In the last two articles, I spoke about the recent tragedies that occurred at the end of 2012. In those tragedies, guns played a major role and there have been numerous blogs, debates, and political statements about gun control.
I had chosen to not speak about it before now because, one; it wasn't the point at the time, and two, I write about religious ethics and what may tie into that. I was not sure if gun control had any relevance. However, I now believe there may indeed be some connection.
When most people here the words, ‘religion’ and ‘religious’, images of some divine, supernatural deity and traditional rituals immediately come to mind. What if though being religious did not have to mean being devoted to a god or attending a place of worship? What if being religious could be seen as being devoted to an idea, something seen as so much a part of one’s personality and culture that it achieves a quasi-spiritual meaning?
That is what owning guns means to many Americans. I say this is because of the passionate and sometimes extremely hostile responses that those Americans, who want to ban guns, often receive. I have seen very similar reactions in people of religious faith when fundamental aspects of their faith or views on society come into serious question. There is a very blunt, ‘we’re not going there and God help you if you try’ mentality. Guns are deeply connected to tradition and pride. A clear example of this was in a recent CNN interview by Piers Morgan with Alex Jones, a conservative talk show host and sponsor of a petition to get the host deported for his own outspoken gun-control views. Beyond the shouting and questioning/counter questioning, Jones makes one clear statement that almost seals the right to bear arms in a quasi-religious light:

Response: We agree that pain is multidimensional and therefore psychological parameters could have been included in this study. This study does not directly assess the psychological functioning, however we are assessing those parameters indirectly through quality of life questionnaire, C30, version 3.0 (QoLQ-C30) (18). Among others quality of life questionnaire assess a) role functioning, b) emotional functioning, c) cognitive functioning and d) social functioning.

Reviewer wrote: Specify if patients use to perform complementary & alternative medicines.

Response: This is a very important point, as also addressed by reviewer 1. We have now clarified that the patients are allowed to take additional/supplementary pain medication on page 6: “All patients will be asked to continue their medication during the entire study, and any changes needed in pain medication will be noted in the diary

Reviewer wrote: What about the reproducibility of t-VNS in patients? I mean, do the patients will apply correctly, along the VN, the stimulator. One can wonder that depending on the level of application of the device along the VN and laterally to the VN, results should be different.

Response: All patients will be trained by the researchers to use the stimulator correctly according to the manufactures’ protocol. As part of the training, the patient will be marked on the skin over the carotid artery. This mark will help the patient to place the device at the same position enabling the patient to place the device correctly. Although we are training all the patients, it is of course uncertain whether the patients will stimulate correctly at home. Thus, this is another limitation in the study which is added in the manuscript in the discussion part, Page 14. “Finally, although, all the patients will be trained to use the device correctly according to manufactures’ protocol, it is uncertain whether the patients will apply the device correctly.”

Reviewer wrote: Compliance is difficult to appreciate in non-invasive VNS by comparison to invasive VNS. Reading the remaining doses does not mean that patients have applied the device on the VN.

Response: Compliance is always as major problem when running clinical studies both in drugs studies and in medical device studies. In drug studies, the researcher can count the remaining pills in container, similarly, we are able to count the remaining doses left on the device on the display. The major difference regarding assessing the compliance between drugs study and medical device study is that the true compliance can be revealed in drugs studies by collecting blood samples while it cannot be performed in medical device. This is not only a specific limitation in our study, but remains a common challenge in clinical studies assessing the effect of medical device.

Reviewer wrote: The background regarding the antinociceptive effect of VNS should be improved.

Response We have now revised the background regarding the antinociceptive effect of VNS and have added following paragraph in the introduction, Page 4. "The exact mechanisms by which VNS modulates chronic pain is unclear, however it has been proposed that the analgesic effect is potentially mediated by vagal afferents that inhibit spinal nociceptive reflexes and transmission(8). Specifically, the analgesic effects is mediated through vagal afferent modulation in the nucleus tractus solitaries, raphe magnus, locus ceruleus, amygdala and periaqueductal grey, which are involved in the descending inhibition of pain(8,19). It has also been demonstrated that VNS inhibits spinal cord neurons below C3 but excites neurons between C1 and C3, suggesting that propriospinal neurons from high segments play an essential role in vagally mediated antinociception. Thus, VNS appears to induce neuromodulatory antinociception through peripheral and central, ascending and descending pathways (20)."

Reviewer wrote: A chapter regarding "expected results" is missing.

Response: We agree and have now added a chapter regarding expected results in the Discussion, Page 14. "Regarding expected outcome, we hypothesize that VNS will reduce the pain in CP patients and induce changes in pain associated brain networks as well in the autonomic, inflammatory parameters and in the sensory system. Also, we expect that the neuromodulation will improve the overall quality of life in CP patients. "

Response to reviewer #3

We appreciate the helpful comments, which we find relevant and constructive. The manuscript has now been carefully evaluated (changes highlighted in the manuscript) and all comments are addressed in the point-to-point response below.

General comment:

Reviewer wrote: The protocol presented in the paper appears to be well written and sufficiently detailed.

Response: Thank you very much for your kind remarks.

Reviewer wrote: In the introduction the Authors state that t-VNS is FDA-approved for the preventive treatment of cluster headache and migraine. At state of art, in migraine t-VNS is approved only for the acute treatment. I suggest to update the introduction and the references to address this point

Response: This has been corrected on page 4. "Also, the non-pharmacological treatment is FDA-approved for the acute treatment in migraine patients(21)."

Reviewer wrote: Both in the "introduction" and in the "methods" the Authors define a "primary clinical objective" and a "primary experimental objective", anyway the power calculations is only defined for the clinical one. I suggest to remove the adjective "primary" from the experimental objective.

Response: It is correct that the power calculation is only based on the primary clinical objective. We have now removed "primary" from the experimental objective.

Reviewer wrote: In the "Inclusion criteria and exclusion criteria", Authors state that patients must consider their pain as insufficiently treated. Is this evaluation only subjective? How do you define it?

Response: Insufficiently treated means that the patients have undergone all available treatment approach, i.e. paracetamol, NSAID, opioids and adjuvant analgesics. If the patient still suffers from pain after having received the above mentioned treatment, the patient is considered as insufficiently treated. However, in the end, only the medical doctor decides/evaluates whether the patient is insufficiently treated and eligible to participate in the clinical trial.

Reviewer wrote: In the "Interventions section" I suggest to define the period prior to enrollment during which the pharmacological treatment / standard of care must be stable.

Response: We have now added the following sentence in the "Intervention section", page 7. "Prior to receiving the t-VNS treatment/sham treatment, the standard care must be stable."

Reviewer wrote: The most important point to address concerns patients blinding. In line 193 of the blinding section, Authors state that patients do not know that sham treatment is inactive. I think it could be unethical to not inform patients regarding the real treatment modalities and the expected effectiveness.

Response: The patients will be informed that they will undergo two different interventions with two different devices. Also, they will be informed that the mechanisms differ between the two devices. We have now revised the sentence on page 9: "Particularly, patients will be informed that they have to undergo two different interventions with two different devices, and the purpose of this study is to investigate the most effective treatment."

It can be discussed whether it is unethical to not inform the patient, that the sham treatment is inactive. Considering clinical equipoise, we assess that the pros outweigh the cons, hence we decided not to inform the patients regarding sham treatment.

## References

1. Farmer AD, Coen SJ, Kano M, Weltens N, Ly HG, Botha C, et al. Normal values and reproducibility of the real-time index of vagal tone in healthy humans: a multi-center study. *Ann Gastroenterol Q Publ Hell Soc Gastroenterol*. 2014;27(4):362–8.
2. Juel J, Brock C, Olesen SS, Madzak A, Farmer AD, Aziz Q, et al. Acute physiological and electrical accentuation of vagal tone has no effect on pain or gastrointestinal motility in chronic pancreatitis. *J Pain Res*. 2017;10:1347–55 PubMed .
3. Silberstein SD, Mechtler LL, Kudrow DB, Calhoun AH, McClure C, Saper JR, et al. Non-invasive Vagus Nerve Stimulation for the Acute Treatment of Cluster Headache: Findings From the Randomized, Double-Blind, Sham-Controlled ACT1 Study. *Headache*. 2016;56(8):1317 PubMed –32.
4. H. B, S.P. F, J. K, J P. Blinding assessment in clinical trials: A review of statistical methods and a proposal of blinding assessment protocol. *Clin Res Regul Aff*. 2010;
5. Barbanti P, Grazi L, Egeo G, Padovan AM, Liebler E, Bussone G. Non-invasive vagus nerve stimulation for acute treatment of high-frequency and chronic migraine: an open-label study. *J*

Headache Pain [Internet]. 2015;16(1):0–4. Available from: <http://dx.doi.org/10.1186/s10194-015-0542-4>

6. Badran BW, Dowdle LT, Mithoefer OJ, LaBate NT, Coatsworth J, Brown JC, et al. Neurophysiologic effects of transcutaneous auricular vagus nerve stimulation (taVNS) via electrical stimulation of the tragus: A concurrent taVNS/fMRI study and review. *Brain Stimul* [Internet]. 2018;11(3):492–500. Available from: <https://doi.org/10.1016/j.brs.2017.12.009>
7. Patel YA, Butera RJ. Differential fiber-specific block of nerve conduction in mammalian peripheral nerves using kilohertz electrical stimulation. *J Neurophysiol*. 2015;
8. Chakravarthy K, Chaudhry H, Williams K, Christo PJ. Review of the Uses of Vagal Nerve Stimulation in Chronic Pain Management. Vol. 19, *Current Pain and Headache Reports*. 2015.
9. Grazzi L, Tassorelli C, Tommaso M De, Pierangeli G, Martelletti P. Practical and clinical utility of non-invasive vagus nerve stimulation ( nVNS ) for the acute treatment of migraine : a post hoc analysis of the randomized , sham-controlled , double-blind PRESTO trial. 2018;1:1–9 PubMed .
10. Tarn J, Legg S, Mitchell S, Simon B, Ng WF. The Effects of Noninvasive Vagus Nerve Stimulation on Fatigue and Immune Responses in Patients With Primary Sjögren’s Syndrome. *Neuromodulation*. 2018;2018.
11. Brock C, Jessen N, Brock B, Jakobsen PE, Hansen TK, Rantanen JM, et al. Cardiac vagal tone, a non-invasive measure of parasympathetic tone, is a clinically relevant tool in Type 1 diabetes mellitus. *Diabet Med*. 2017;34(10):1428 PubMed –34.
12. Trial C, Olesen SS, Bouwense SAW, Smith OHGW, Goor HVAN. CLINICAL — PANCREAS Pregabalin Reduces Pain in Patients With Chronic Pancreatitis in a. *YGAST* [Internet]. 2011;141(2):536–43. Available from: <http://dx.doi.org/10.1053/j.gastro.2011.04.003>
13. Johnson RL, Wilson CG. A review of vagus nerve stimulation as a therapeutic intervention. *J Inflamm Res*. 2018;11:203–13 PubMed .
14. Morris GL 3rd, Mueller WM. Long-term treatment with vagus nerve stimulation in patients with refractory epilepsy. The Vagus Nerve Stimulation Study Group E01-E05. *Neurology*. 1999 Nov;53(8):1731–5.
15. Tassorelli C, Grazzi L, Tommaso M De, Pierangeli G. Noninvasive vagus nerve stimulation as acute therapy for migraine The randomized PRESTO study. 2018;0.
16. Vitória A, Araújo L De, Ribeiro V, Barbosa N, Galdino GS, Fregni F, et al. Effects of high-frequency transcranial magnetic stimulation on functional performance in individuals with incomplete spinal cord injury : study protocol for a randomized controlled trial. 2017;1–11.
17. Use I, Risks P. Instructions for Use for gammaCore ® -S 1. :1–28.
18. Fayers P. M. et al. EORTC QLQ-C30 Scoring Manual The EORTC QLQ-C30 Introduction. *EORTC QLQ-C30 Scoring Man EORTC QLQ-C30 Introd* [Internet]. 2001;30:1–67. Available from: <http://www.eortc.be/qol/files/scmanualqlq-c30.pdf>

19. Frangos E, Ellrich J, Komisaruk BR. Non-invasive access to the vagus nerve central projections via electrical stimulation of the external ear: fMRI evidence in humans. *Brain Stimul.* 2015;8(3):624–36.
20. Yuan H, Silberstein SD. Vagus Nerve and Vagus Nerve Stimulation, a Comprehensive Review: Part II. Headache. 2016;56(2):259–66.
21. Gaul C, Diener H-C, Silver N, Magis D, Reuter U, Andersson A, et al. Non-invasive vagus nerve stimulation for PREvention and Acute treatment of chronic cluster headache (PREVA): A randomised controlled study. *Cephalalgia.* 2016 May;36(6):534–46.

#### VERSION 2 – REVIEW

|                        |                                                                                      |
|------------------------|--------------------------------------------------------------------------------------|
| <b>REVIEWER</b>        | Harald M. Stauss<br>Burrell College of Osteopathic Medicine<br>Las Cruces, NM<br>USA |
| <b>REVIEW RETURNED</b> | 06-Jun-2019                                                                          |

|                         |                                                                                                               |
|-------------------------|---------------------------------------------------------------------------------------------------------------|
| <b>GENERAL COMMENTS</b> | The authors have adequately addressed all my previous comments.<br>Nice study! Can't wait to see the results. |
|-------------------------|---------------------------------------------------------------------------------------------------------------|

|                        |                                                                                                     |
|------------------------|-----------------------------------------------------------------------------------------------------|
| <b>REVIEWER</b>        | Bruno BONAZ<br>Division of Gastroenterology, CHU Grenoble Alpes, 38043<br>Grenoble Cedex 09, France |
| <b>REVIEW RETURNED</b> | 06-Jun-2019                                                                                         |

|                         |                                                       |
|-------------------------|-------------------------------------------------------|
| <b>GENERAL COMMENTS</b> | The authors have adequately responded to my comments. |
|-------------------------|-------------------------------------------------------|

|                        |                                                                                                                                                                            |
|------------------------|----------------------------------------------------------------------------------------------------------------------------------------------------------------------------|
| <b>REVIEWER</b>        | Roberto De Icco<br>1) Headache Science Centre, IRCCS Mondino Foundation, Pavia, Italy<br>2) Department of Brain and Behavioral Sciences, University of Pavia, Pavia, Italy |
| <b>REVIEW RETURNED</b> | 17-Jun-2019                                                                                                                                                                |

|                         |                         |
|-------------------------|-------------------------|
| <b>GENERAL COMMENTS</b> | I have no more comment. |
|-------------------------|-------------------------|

“The Second Amendment is sacrosanct!”
I am not trying to take sides for gun control or no gun control. When passion and bias is briefly put aside, both sides bring up solid points as the reasons for their views. However, the point in this article is that the debate is not just one about who has what weapons, statistics, and the most political weight. It is about how one weapon has become so central in how America sees itself, positively and negatively, that it arguably carries as much religious fervor and weight as Christianity.